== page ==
Eliminate Mental Clutter
This is a guest post by Michelle Garrison Hough, a Buttoned Up fan and blogger (Meta Vie). Thank you Michelle for your wonderful contribution!
Many of us resolve to de-clutter our environments in the New Year.
We want neater closets, better organized filing systems and a living room that is truly feng shui. We want the spaces we live and work in to function smoothly so we can accomplish more and feel better. But clutter isn’t just an issue in the physical world; we all have a little bit of mental clutter too. So don’t stop at eliminating external clutter, work on eliminating in the internal sense as well.
An Avalanche of Thoughts
Try to imagine the mind as one more space requiring organization for proper function. It takes less time to make a delicious coq au vin in a kitchen where every ingredient and appliance is in its perfect place. Our minds are the kitchens that feed our careers and our relationships.
Right now, take a minute to examine your mind. What does it look like? Are there objects strewn all around or can you walk a clear path to your objective? The National Science Federation has estimated that human beings produce from 12,000 to 50,000 thoughts per day. In his article, Emotional Wholeness, Dr. Deepak Chopra cites scientific research upping that number to 65,000! It is easy to see how so many thoughts can add up to a lot of clutter. How many of those thoughts are negative or inconsequential?
Effective Techniques for Decluttering Your Mind
Fortunately, we have tools for gaining awareness of our thoughts and imposing some order. Our methods will differ based on individual preference. Many effective people already have their process down pat. Effective mental organization can be likened to the concept of “flow,” a term now widely used and introduced at the beginning of the 20th century by the American psychologist Mihaly Csikszentmihalyi: “a condition of heightened focus, productivity and happiness that we all intuitively understand and hunger for.” I personally think of flow as effective action in the absence of struggle with clarity of mind. Many of us have already experienced this state while performing a favorite activity: running, biking, yoga or even driving. Some people perform these activities before commencing an important project.
What does flow mean to you? How does it feel? Can you visualize it?
Working parents in particular can benefit from de-cluttering the mind; there are fewer hours in a given day to accomplish what needs to be done. The task at hand may be writing a presentation, having an important discussion with a loved one or packing a lunch box. Each task is important and merits our full attention. Jenna Everitt, DPT, full-time physical therapist and mom of 11 month old twin boys runs to find her flow. When she is not able to incorporate running into her day, she notices the negative impact on her stress levels: “Running gives me some alone time to focus on me, and it gives me some much needed time to get my thoughts organized and keep me on an even keel between work and parenting. The days that I don’t get that time are definitely more stressful.”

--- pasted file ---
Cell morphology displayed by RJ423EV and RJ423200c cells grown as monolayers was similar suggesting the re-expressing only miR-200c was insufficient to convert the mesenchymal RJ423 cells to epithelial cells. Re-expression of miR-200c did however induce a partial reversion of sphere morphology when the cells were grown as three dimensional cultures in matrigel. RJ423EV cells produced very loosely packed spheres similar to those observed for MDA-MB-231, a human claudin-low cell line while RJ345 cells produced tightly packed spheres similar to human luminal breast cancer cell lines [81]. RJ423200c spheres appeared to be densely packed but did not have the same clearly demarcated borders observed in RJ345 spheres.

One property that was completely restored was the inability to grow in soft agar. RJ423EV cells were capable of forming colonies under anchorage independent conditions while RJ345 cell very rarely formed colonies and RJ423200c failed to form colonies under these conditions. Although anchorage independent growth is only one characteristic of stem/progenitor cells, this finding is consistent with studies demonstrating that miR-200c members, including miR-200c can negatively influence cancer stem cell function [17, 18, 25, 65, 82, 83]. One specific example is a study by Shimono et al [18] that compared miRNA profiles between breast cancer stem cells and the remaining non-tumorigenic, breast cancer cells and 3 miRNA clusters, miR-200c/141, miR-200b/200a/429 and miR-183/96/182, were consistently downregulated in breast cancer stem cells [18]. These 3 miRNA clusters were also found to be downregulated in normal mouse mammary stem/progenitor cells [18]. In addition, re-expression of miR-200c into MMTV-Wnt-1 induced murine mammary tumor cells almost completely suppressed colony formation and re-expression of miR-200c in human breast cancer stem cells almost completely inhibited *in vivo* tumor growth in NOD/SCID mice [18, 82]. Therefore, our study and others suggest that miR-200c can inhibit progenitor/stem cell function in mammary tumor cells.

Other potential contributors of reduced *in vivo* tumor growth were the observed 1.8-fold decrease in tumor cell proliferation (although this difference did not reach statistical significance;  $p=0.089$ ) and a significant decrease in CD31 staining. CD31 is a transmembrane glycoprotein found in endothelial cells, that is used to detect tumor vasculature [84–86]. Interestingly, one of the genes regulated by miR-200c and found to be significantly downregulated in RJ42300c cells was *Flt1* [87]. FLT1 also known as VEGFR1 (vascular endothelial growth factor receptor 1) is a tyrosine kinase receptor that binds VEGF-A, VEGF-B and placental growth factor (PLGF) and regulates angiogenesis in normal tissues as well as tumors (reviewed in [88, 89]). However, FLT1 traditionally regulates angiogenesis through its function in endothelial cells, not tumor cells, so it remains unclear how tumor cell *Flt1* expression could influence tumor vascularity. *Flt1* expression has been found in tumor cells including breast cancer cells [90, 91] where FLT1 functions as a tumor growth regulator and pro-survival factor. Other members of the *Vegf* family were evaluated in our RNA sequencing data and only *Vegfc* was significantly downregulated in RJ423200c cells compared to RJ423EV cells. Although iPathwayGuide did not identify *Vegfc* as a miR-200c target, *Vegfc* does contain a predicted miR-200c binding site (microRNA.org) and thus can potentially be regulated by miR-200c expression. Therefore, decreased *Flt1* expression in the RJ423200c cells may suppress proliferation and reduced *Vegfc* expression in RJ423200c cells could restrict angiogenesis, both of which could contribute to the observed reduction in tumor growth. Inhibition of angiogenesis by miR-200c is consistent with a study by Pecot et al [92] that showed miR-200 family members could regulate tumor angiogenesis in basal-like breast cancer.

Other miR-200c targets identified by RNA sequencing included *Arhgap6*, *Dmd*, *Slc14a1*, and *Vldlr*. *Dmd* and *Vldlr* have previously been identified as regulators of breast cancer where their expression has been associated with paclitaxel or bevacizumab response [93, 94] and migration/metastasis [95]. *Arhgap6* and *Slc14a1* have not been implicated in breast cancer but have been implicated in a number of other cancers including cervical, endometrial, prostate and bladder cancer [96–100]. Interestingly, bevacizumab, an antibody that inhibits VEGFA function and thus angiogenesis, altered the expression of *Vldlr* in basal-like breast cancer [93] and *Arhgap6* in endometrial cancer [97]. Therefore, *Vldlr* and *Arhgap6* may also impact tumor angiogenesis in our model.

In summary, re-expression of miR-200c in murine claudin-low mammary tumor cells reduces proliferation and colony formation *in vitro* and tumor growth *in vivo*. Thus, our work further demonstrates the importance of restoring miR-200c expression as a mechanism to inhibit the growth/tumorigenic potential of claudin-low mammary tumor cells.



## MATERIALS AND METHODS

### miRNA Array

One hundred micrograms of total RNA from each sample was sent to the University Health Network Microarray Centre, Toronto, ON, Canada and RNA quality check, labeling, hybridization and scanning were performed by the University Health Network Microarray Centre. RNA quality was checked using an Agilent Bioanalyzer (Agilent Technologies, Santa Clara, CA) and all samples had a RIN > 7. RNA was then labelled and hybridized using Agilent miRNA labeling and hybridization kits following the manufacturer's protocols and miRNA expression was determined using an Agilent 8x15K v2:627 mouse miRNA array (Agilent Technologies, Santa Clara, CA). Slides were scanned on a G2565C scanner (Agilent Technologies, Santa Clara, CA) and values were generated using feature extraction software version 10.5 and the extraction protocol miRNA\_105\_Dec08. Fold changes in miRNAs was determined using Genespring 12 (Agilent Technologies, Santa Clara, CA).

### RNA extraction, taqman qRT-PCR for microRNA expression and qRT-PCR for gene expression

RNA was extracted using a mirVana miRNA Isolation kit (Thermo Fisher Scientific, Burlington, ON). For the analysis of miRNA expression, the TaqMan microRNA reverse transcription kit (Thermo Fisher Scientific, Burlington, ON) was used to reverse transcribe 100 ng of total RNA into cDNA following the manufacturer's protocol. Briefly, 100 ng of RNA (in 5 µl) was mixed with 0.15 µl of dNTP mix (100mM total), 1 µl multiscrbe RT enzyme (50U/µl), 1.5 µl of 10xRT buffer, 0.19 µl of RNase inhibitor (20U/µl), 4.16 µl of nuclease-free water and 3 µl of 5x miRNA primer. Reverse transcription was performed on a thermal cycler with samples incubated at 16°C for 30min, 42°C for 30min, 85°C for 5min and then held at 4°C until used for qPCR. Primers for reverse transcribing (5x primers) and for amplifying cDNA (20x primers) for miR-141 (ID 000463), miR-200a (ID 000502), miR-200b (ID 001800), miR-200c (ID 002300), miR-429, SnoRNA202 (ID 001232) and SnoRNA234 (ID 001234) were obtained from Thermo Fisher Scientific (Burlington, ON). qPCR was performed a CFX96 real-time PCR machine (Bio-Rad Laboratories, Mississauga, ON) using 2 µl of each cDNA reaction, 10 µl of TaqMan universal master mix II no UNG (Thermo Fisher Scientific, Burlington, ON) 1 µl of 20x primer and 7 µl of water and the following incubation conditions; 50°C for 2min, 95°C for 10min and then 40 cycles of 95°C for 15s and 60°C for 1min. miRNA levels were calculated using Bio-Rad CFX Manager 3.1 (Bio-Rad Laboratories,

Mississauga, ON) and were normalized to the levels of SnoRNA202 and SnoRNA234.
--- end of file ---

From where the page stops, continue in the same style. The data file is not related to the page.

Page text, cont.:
If sitting quietly appeals to you more than physical exercise, you are in good company. The practice of meditation pre-dates recorded history and figures in most world religions. Hindu scriptures dating back 5,000 years give us the first recorded meditation technique. Since meditation has gained popularity among our over-stimulated generation, instructive books and classes are a mouse click or phone call away. I meditate every day, even if only for five minutes. When I first started meditating I was instructed not to try it for more than a few minutes at a time. To me, the most beautiful aspect of meditation is its simplicity: sit in a comfortable position, close your eyes and let your thoughts float by.
An effective technique for beginners is focusing on the breath. This is called “conscious breathing.” The world renowned Buddhist monk and teacher, Thich Nhat Hanh explains in his book, Peace is Every Step, “As you breathe in, say to yourself, ‘Breathing in, I know that I am breathing in.’ And as you breathe out, say ‘Breathing out, I know that I am breathing out.’ Just that.” Sitting quietly, you will notice thoughts emerging in your mind, like clouds forming against the backdrop of a blue sky. Instead of grasping onto thoughts, try letting each one go as you focus on the clarity of the blue sky that is your mind. You may see a thunderstorm brewing, but you know the storm will pass irrespective of your conscious effort to release it. When you are able to consciously release each cloud, your clarity of mind becomes increasingly powerful and YOU become more effective in everything you do. This is the essence of eliminating mental clutter.
Regardless of your personal method, eliminating mental clutter can be simple…kind of like organizing that pile of shoes on the floor of your closet!